High-Octane Action is the Biggest Standout in ‘Extraction’ – Review
Extraction – or EXTRA ACTION as I like to call it – is the newest Netflix action movie directed by Sam Hargrave and produced by The Russo Brothers. It is based on the graphic novel Ciudad written by Andre Parks with story help from the Russo’s alongside illustrator Fernando León González. The Russo Brothers rose to superstardom status after their series of ambitious Marvel franchise hits like Captain America: Winter Soldier, Civil War, and the conclusion of Kevin Feige’s Infinity Saga (Avengers: Infinity War and Avengers: Endgame).
Outside of directing gigantic superhero flicks, the Russos carved out a new lane of producing medium budget action thrillers starring MCU alumni. Their last venture 21 Bridges showcased Black Panther star Chadwick Boseman as a NYPD detective looking for answers surrounding a spree of cop killings. That movie – directed by Game of Thrones’ Brian Kirk – was a serviceable slice of entertainment that offered a modest amount of excitement with a sprinkle of racial subversion of the traditional cop-and-robber story.
This time around, Extraction stars Thor actor Chris Hemsworth as private underground mercenary Tyler Rake. He is assigned to extract a young boy named Ovi (Rudraksh Jaisawl) who is caught in the middle of a raging drug war at the hands of his imprisoned criminal father. However, things go awry once Rake’s extraction team is exposed – forcing him to fight his way out of the murky streets of Mumbai to deliver the kid to safety. The film is the directorial debut of Sam Hargrave – one of the stunt coordinators behind Captain America: Civil War, Avengers: Endgame, Deadpool 2, Atomic Blonde, and many other massive blockbuster movies. Unlike these CGI-heavy popcorn flicks, Extraction relies mostly on ground, gritty practical stunts to craft a pulsating, hyper-violent extravaganza.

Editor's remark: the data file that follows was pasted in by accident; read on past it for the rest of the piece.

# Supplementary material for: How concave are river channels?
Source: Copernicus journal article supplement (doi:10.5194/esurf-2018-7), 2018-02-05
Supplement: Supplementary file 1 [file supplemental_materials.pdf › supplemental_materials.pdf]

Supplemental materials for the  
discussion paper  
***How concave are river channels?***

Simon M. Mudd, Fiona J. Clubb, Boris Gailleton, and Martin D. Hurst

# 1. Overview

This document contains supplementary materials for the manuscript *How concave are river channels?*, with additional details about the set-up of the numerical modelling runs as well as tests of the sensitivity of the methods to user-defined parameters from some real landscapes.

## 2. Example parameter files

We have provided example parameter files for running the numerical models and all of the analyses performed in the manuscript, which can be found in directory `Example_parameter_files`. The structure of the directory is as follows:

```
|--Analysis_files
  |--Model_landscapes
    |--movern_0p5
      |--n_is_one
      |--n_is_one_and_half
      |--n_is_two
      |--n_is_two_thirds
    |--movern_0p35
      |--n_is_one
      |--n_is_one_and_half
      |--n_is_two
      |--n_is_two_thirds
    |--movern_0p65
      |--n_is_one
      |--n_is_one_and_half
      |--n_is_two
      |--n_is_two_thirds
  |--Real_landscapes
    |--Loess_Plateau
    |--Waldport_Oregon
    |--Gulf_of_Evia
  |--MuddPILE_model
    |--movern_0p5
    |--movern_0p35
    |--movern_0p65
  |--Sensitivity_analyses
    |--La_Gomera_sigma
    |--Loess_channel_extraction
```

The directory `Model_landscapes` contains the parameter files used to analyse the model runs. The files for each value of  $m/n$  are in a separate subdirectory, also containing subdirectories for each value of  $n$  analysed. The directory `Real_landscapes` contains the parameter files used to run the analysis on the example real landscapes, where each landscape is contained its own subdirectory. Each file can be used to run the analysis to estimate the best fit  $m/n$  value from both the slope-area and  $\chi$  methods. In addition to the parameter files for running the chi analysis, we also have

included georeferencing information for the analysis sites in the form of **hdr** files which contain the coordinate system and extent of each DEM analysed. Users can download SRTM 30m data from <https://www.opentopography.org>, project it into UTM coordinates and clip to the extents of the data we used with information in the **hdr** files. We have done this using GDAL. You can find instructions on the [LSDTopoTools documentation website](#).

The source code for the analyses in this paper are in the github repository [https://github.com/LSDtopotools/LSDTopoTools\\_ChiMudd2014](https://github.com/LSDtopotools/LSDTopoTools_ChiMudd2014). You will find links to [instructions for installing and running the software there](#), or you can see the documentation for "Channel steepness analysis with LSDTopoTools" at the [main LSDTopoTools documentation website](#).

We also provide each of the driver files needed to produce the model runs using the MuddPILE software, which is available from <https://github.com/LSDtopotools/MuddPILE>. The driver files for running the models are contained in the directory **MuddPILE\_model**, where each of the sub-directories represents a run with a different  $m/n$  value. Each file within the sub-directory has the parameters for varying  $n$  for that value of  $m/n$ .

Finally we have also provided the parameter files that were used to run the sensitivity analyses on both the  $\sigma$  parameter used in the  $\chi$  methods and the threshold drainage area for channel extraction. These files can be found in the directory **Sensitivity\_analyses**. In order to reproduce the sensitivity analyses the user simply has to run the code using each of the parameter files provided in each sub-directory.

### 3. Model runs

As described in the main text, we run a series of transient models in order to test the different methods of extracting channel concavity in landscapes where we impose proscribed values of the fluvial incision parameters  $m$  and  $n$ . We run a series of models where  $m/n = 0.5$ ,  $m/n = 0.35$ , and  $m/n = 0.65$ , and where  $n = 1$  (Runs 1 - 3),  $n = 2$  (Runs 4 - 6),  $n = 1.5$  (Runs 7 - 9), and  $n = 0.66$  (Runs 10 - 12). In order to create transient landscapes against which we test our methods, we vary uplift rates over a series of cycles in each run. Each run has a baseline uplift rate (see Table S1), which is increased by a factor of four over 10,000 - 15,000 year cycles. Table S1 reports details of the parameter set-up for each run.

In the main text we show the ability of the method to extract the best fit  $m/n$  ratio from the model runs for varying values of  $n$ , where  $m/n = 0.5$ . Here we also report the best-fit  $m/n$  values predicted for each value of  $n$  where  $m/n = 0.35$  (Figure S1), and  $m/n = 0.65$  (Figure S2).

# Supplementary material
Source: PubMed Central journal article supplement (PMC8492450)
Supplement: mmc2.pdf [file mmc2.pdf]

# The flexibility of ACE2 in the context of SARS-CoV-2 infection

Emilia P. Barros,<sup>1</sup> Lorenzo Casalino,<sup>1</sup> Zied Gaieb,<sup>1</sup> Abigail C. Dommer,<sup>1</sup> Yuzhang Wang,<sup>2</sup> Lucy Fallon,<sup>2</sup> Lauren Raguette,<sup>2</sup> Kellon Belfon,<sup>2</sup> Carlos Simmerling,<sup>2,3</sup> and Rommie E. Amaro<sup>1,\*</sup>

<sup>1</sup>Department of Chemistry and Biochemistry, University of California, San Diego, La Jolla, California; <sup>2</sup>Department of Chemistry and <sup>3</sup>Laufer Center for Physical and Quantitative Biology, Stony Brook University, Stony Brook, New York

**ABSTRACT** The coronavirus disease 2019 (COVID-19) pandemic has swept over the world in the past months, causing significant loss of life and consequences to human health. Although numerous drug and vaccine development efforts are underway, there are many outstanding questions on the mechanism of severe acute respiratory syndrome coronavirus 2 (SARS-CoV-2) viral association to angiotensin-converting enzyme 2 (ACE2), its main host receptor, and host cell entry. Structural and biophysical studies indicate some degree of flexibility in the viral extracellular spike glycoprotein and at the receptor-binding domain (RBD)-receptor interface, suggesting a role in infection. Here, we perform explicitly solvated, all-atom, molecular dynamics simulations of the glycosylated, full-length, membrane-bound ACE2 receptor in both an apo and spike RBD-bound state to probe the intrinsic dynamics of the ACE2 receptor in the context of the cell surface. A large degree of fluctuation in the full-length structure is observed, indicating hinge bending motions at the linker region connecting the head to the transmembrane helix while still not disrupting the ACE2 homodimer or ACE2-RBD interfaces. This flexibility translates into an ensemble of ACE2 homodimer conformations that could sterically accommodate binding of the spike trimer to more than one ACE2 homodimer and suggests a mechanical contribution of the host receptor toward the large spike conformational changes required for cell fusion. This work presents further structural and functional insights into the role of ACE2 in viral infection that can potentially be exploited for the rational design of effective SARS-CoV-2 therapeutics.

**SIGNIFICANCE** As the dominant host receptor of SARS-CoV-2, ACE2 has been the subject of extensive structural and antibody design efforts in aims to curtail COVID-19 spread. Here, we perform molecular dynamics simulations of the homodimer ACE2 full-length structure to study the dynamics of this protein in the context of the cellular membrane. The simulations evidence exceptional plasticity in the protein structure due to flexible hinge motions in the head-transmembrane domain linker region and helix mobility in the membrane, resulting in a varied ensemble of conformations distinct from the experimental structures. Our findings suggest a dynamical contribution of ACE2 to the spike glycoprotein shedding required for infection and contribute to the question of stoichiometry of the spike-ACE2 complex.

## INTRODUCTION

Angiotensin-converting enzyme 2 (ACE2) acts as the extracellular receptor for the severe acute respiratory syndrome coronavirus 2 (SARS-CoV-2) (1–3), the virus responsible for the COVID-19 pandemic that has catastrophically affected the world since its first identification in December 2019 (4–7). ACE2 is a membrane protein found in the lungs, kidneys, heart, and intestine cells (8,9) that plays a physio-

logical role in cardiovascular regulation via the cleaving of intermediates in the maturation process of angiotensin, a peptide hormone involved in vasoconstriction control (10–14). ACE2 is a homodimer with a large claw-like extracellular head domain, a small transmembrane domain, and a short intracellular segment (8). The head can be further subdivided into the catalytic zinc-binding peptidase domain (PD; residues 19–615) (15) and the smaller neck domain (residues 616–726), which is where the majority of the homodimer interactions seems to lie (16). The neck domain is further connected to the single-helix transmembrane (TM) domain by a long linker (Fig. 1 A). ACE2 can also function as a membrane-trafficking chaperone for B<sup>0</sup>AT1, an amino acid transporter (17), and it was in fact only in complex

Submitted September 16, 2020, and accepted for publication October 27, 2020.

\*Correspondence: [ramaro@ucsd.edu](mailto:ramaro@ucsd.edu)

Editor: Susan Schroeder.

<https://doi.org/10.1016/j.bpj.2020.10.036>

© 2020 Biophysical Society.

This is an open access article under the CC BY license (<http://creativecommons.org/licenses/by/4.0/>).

Hargrave’s experience in stunts shines throughout the entirety of Extraction, as its high-octane action proves to be the biggest standout. The director and his camera crew prioritize the presentation of their extensive choreography work by using up close, handheld photography that heightens the tension without being overly shaky. Many of these kinetic sequences are presented in excruciatingly long oners. The most notable long take occurs at the end of the first act, with a 12-minute car chase sequence that I imagine took several weeks of intense preparation to execute. Huge moments like this are so expansive that Extraction appears to have been flooded with infinite resources; fitting nicely into Netflix’s growing collection of expensive action films like Michael Bay’s 6 Underground, Peter Berg’s Spenser Confidential, and J. C. Chandor’s Triple Frontier.
Narratively speaking, the movie does not necessarily break any new ground. The story is a relatively simple survival arch that provides enough turns and twists to make the scenes between the combat compelling. Jaisawl does a convincing job of playing the scared huntee next to Hemsworth’s rough, intrepid character. Unfortunately, Hemsworth (who also served as one of the movies’ producers) hardly elevates the material beyond the limited charisma and range as the script allows. Moreover, my enjoyment of the film is slightly tempered by falling into the white savior complex that has plagued cinema for over a century. It is not as egregious as other mercenary pictures (looking at you The Great Wall), but I would be remised if I did not acknowledge the tired Hollywood trope.
In general, Extraction is an amusing thrill ride with some highly stimulating action sequences. What it lacks in uniqueness in plotting is more than made up for in its impressive achievement in physical stunts. Though heavy in bloodshed and light on character development, Extraction is a worthwhile experience for fans of fast-paced gunplay and stunning hand-to-hand combat.